The median household income in the US was $52,250 in 2013, according to the Census Bureau. Chances are that number leaves you feeling rich, poor, or average. Though the number is based on millions of households, it’s too boiled down to mean much.
On the other hand, if you had a list of the more than 100 million household incomes, that wouldn’t help much, either. County medians, plus BatchGeo’s clustering technology, turns out to be a great way to gain insights from the data.
View 2013 Median US Household Income in a full screen map
At the initial zoom level, you should see around a dozen clusters represented by pie charts and a dollar figure. The pie slices show the ratio of counties within each cluster that fall within each income range. The dollar value for each cluster is the average of the county medians. While it’s not weighted by population, it should give a good snapshot of income across the country.
Incomes are highest along the west and east coasts. Zoom, click, and filter the map to start gaining deeper insights. For example, California accounts for a lot of the high average along the west, though the Salt Lake City and Denver / Colorado Springs areas also have high median incomes. There’s a similar cluster along the northeast, as well.
Throughout the south the averages of county medians are lower, but you can also see the ratio of lower range salaries are much higher, especially in the southeast. If you zoom in, you’ll see large sections of Mississippi and Alabama that are entirely made up of the lowest ranges. By comparison, California has only three counties with median incomes below $40,000 (the bottom three ranges).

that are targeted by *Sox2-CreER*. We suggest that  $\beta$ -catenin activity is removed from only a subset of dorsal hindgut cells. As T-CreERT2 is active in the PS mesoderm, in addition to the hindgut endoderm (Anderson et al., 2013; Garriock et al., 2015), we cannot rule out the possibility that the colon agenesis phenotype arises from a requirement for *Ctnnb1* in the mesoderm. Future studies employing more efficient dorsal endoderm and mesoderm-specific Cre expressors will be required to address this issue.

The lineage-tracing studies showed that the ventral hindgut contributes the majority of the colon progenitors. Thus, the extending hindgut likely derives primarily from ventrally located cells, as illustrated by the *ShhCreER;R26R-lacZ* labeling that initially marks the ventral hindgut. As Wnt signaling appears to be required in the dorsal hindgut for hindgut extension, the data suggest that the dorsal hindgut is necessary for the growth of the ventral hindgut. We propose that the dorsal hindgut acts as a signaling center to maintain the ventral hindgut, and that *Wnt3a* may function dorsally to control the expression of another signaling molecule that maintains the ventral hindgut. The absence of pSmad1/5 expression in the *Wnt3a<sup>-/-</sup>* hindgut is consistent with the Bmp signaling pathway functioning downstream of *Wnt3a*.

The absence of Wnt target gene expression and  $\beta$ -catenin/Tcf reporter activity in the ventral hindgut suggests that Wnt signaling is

Switch to grouping by poverty level and the pattern becomes clearer. You don’t need to perform advanced statistical analysis to see the correlation between high poverty levels and low median incomes. Just filter to the highest levels of poverty and you’ll see clusters emerge in lower income places. The averages of the clusters are similarly much lower. Also, other than a few outliers, you won’t find many counties in the higher income regions.
These insights may not surprise you, but the point is that the clustered, averaged map helps show the trends visually. Though this example uses publicly-available data, imagine if it was sales prospects or other data specific to your business. By including all the data at whatever granularity you have available, BatchGeo can then bring out insights at a regional level using clustering, grouping and averages.